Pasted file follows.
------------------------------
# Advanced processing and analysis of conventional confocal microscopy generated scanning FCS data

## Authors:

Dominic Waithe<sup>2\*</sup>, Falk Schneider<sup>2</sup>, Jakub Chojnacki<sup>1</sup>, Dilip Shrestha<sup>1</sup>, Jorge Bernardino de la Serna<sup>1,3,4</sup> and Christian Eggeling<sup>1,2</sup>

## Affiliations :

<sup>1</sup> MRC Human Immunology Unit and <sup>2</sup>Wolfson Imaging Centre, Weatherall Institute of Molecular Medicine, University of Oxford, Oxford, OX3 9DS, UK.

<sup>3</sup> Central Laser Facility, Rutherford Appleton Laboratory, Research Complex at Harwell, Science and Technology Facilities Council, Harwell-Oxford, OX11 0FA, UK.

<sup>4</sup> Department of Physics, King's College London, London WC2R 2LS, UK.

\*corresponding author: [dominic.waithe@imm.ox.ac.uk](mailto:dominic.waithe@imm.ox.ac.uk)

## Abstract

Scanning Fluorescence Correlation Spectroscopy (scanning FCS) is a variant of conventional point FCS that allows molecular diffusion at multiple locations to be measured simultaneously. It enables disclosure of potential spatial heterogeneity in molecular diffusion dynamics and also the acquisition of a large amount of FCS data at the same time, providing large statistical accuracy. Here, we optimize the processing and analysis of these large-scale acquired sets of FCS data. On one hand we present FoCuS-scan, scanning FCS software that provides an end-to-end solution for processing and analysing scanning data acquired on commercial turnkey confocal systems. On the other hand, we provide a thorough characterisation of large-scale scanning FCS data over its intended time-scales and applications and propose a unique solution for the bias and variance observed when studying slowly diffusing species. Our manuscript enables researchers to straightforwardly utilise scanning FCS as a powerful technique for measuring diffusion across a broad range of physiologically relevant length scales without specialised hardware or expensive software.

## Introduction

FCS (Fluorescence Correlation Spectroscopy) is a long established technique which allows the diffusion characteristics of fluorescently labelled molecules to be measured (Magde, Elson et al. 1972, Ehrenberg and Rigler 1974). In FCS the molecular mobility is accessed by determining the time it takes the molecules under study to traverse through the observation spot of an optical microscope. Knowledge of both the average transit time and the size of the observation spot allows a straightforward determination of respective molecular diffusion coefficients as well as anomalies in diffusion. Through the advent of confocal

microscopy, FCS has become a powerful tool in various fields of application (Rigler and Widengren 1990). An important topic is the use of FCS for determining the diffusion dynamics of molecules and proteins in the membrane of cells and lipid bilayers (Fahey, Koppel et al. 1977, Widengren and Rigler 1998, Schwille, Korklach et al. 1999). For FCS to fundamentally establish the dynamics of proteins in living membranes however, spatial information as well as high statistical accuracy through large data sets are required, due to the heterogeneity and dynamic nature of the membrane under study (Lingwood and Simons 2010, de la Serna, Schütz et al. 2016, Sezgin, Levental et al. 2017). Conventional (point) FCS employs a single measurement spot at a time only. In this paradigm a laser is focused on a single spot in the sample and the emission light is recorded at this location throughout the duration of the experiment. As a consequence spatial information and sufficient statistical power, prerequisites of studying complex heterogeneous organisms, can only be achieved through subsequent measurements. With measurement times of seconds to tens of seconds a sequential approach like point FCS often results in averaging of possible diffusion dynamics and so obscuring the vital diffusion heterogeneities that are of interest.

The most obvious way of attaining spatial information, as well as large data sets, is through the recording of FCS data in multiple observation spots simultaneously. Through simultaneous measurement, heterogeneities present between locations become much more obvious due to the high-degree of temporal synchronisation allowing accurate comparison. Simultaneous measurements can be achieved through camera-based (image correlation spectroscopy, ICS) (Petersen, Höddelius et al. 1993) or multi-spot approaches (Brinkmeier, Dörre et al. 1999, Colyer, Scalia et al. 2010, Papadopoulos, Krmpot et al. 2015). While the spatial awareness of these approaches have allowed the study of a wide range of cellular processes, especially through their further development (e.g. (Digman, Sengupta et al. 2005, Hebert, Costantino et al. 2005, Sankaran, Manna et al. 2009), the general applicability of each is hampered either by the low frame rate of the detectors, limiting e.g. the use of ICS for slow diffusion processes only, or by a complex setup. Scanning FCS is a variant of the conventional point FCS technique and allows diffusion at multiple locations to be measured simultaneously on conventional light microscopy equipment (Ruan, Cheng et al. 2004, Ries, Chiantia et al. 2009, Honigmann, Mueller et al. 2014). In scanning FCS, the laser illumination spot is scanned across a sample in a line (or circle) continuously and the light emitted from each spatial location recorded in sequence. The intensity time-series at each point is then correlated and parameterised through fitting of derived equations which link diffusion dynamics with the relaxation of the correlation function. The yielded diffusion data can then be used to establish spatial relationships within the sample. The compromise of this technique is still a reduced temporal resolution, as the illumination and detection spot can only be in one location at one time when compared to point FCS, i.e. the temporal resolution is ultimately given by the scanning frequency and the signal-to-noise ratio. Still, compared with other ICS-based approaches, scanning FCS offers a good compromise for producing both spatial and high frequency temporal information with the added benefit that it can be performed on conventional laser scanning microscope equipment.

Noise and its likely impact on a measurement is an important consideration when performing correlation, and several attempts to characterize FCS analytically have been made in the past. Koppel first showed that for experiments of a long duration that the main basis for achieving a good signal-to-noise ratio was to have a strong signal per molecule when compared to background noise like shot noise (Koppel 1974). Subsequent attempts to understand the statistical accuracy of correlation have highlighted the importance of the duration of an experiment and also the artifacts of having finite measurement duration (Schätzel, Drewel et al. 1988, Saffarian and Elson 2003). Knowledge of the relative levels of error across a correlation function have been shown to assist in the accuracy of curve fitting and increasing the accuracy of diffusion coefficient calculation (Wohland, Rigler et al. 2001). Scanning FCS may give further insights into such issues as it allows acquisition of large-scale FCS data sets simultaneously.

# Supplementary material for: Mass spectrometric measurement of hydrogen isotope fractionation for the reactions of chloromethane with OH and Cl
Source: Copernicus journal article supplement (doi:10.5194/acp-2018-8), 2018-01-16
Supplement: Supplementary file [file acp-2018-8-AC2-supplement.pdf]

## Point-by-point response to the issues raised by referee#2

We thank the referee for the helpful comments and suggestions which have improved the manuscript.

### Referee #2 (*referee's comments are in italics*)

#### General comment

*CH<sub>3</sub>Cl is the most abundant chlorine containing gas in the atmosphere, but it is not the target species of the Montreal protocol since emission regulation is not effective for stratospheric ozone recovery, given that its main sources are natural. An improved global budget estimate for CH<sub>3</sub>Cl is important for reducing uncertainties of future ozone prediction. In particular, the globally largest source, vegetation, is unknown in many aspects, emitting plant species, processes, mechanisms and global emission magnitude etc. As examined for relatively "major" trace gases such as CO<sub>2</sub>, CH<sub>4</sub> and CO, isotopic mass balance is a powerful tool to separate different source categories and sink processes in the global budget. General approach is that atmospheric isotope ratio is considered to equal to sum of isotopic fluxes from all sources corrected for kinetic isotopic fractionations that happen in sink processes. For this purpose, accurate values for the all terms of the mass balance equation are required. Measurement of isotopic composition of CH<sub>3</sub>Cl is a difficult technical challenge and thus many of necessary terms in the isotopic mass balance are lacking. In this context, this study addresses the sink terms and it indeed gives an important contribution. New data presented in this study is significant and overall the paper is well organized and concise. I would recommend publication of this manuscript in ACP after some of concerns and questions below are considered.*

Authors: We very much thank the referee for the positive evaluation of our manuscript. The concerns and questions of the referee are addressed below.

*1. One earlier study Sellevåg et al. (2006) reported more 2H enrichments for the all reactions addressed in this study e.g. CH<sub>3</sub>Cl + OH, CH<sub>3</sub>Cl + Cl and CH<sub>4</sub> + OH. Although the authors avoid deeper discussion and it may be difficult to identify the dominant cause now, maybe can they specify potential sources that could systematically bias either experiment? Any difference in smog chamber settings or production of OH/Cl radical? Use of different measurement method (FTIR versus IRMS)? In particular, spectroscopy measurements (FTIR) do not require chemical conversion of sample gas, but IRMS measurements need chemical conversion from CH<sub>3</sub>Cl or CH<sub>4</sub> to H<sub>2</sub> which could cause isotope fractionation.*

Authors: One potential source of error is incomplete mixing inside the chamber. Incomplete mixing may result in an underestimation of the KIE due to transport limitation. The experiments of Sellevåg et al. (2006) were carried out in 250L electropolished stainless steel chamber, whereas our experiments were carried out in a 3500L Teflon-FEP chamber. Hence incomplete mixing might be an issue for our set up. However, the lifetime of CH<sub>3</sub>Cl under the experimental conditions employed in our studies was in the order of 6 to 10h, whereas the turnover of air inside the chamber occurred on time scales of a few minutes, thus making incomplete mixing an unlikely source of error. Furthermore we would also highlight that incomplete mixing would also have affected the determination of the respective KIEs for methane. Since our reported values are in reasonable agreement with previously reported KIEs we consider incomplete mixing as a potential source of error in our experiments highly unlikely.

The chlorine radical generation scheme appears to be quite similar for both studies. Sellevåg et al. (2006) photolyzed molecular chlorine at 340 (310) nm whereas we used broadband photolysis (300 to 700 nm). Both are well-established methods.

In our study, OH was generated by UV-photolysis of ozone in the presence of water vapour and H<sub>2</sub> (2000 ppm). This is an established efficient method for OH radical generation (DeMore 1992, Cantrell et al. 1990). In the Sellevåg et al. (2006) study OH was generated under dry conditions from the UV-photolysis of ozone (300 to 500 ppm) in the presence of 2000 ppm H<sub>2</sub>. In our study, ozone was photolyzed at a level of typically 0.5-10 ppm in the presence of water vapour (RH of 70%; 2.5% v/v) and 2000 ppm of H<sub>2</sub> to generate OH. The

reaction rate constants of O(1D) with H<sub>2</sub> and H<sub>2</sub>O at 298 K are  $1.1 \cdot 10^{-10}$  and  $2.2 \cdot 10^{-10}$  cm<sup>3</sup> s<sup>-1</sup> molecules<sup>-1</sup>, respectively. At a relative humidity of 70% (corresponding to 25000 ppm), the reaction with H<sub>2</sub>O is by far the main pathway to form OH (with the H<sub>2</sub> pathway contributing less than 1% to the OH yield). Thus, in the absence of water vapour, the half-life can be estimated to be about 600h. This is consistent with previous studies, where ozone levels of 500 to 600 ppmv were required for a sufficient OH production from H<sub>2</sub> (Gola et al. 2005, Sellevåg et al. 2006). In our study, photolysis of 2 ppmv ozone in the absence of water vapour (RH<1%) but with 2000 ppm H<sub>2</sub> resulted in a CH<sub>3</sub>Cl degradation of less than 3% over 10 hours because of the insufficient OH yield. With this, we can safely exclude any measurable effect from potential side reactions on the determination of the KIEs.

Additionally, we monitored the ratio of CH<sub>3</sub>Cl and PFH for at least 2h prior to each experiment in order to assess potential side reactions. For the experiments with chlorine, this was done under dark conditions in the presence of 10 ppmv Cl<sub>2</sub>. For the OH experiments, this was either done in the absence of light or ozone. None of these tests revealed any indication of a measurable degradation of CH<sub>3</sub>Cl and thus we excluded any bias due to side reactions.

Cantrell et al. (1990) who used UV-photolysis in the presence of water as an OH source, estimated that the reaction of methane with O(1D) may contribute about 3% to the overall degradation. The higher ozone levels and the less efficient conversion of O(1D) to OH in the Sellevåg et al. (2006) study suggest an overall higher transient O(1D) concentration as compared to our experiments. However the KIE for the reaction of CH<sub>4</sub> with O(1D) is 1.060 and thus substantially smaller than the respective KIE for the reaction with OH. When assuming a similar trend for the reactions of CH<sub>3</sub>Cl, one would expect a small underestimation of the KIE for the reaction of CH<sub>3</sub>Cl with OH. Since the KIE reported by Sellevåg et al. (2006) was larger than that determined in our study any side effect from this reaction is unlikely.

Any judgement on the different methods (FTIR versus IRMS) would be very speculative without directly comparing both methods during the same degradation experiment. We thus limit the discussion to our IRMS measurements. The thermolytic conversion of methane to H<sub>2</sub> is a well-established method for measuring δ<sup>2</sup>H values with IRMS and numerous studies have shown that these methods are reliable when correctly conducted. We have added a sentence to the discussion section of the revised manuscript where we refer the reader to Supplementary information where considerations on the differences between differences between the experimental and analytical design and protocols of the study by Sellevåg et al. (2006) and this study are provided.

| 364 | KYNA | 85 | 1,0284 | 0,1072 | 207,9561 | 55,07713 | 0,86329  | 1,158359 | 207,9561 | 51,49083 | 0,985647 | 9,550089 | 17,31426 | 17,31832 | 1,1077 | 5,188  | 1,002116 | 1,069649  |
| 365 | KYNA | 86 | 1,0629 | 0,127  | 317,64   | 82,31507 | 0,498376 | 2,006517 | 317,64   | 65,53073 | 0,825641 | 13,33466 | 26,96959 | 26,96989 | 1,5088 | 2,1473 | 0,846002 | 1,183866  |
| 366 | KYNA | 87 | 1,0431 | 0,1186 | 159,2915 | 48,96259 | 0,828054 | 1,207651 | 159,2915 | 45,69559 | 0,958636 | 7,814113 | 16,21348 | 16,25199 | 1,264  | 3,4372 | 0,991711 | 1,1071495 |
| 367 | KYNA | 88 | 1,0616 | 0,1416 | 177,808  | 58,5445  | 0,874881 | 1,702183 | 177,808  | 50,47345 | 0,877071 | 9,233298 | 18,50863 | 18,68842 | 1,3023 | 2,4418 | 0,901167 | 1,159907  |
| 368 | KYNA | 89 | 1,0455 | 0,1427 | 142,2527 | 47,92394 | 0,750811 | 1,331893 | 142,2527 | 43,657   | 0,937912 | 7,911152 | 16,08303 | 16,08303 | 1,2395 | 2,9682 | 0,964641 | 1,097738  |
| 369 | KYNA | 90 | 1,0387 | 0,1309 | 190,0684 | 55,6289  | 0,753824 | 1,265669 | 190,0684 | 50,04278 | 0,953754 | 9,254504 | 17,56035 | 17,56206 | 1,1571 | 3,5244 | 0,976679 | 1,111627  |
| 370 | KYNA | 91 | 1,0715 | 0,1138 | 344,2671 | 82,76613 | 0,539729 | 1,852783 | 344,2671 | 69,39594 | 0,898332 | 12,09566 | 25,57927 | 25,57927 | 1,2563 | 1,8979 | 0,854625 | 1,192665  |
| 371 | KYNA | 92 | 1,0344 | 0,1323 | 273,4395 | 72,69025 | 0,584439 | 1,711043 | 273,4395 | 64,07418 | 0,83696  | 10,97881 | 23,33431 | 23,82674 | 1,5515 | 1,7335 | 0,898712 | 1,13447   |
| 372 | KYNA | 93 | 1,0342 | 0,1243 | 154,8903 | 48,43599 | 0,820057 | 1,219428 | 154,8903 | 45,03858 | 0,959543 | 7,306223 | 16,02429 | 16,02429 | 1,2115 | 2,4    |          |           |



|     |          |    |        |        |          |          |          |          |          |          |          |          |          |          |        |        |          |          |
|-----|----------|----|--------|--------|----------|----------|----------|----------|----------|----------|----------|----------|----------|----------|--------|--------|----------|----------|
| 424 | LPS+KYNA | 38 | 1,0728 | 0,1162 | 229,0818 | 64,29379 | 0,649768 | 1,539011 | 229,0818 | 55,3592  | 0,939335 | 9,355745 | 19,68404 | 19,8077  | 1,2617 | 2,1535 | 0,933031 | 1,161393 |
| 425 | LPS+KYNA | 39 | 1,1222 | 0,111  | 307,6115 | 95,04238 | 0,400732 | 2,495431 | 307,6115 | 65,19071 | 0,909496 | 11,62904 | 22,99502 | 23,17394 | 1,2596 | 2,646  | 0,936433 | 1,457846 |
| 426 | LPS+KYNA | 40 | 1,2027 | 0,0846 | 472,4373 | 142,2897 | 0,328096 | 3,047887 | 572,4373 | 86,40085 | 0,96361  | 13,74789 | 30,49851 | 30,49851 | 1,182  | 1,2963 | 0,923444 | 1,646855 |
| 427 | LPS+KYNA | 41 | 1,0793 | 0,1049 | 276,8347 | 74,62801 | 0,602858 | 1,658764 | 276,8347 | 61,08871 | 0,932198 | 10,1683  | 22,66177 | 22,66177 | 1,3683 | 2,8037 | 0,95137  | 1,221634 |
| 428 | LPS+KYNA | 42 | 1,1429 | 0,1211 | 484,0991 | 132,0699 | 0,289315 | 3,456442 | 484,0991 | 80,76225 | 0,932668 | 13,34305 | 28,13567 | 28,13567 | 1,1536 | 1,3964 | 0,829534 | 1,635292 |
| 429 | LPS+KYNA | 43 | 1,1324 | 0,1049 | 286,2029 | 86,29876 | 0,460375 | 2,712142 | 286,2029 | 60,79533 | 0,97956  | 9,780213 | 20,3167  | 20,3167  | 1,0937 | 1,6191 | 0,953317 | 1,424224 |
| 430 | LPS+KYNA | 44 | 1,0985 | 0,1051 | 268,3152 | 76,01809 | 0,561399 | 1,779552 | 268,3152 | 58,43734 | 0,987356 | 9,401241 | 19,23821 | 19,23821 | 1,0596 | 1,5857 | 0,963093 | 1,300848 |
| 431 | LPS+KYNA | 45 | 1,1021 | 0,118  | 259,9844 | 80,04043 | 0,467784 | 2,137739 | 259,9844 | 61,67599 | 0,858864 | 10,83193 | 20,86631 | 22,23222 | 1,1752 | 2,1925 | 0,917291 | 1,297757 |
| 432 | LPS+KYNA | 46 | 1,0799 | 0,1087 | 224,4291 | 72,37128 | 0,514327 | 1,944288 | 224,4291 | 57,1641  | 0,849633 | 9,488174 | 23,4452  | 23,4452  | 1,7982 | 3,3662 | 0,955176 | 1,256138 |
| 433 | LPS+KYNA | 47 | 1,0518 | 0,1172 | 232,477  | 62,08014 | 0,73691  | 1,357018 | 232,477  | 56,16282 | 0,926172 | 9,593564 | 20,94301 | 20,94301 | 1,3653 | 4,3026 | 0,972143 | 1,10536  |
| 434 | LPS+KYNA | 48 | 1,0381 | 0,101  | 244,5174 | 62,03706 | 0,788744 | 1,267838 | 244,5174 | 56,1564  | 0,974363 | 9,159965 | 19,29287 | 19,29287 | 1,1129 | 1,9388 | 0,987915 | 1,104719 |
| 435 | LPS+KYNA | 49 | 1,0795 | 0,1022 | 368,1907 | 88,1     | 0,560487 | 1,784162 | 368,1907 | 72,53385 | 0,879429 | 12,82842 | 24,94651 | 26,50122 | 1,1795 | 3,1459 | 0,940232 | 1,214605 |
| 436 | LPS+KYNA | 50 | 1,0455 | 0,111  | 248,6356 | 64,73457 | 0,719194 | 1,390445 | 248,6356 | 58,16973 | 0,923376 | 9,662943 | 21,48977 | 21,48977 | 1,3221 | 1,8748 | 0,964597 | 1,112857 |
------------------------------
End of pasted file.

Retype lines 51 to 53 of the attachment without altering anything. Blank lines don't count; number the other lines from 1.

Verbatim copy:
| 431 | LPS+KYNA | 45 | 1,1021 | 0,118  | 259,9844 | 80,04043 | 0,467784 | 2,137739 | 259,9844 | 61,67599 | 0,858864 | 10,83193 | 20,86631 | 22,23222 | 1,1752 | 2,1925 | 0,917291 | 1,297757 |
| 432 | LPS+KYNA | 46 | 1,0799 | 0,1087 | 224,4291 | 72,37128 | 0,514327 | 1,944288 | 224,4291 | 57,1641  | 0,849633 | 9,488174 | 23,4452  | 23,4452  | 1,7982 | 3,3662 | 0,955176 | 1,256138 |
| 433 | LPS+KYNA | 47 | 1,0518 | 0,1172 | 232,477  | 62,08014 | 0,73691  | 1,357018 | 232,477  | 56,16282 | 0,926172 | 9,593564 | 20,94301 | 20,94301 | 1,3653 | 4,3026 | 0,972143 | 1,10536  |